Health Advocate

After dealing with her own painful disorder, Casey Berna speaks out for other women

Imagine dealing with severe pelvic pain, gastrointestinal issues, and urinary symptoms for ten years – going from doctor to doctor and undergoing numerous medical tests – before finally receiving a diagnosis and treatment plan. This is the plight of millions of women worldwide.

Wilmington-based endo-awareness activist and therapist CASEY BERNA knows this pain all too well, which has led her to focus her work and advocacy on helping endometriosis and infertility patients.

“I would love for every person, especially those in the medical community, to be aware of endometriosis and how it is not just a reproductive disease, but a chronic illness that can impact many systems in the body,” Berna says. “I want patients who are suffering with period pain, pelvic pain, and related symptoms to know that there is hope and resources available to help relieve their physical and emotional stress.”

A disease in which endometrial-like cells grow outside the uterus, endometriosis affects an estimated one in ten women in the United States, according to the Endometriosis Association. Patients often suffer for years before being diagnosed partly because endometriosis does not usually show up on diagnostic tests such as ultrasounds, though cysts associated with it might be detected. The only way endometriosis can be definitively diagnosed is through exploratory laparoscopic surgery. 

Berna started having stomach pains and gastrointestinal issues when she began menstruating. Her symptoms intensified when she was in college, resulting in numerous medical tests and the diagnosis of irritable bowel syndrome when she was nineteen.

Throughout her medical journey, Berna says she was often dismissed by her doctors as having a “low pain tolerance.” Doctors eventually removed her appendix and gall bladder in an effort to relieve her symptoms, but these surgeries did little to abate her pain.

A few years later, Berna and her husband tried to conceive unsuccessfully. A fertility specialist performed an exploratory laparoscopic surgery and found a “little bit” of endometriosis and used an ablation technique.

Following numerous fertility treatments, Berna gave birth to a daughter, and afterward, her endometriosis symptoms intensified. She went on to have more fertility treatments which resulted in numerous miscarriages, during which her endometriosis became debilitating.

Through conducting her own research into endometriosis, she discovered a doctor in New York City, Tamer Seckin, who established the Endometriosis Foundation of America.

Seckin performed a four-hour excision surgery on Berna in which he cut out the majority of the disease by the roots. Afterward, she felt a difference immediately. Gradually, her pain decreased, as the source of inflammation was gone.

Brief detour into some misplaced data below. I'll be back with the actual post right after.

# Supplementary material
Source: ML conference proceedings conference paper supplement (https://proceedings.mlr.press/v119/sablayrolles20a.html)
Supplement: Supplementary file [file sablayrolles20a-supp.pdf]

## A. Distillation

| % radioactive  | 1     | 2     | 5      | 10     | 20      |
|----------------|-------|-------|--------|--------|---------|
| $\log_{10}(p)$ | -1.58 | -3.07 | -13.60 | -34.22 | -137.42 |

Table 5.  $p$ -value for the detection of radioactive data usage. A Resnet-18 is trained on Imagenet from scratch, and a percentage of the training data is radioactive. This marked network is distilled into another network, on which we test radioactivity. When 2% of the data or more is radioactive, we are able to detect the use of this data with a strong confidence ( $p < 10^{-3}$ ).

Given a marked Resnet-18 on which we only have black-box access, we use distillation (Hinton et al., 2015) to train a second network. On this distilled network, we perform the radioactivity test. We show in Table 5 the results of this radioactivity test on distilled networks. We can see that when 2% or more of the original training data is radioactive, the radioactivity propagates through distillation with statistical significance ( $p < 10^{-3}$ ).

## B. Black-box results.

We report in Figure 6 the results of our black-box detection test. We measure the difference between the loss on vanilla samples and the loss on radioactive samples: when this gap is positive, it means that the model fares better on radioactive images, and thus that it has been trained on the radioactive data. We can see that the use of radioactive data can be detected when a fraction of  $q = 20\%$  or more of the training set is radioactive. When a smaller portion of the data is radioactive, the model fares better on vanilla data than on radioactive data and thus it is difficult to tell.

Berna’s case of endometriosis is considered severe, however, and two years later, different symptoms emerged. Seckin and a team of surgeons performed another excision surgery on her. Berna says this second excision surgery greatly improved her quality of life.

“I often say, ‘I’m in good shape for the shape I’m in,’” she says, smiling.

Amidst her health struggles, Berna, who holds a master’s of social work, started blogging ( and connecting with patients struggling with endometriosis and infertility on social media.

She recognized a need in the endometriosis and infertility fields for patients to have mental health support, advocacy, and resources. This led to her establishing a health coaching practice via phone and Skype, which was convenient for patients for whom in-person visits were difficult due to health problems. Additionally, she provided therapy to patients through a New York City-based nonprofit aimed at providing affordable counseling services.

“A lot of endo patients are not able to work, and a lot of the best surgeons don’t take health insurance, so there is a need for affordable resources to help patients manage their disease,” Berna says.

She became active in nonprofits dedicated to endometriosis and infertility. She leads infertility support groups through RESOLVE: The National Infertility Association and endometriosis support groups through Endo Warriors.

Her efforts to create resources for patients – particularly those who do not have a local support group or access to a specialist – led her to create a documentary called EndoTruths: The Impact of Endometriosis and Infertility on Mental Health. Her documentary premiered at The Unmentionables Film Festival in New York City.

She has spoken at major industry conferences and events, including the Endometriosis Foundation of America conference and the Worldwide EndoMarch. She is also trained by the Endometriosis Foundation of America’s ENPOWR (Endometriosis Nation Promoting Outreach and Wide Recognition) program to teach high school students about the signs of endometriosis and encourage them to be advocates for their own health.

After relocating from Yonkers, New York, to Wilmington with her family in 2015, Berna continued providing health coaching to clients remotely while looking for ways to get involved in the local community.

She presently runs local support groups for endometriosis and infertility patients and can also see patients individually through her office at Physical Therapy for Women.

Berna draws inspiration from the opportunity to empower her patients.

“When patients come to me, they’re often in crisis,” she explains. “They’ve spent many years in pain, being told by those around them the pain is in their head, that it is not real. I think what is most rewarding is assuring patients that their pain is real, there is hope, and that they are not alone.

“My advice to patients is to be your own advocate and don’t let anyone dismiss your pain.”


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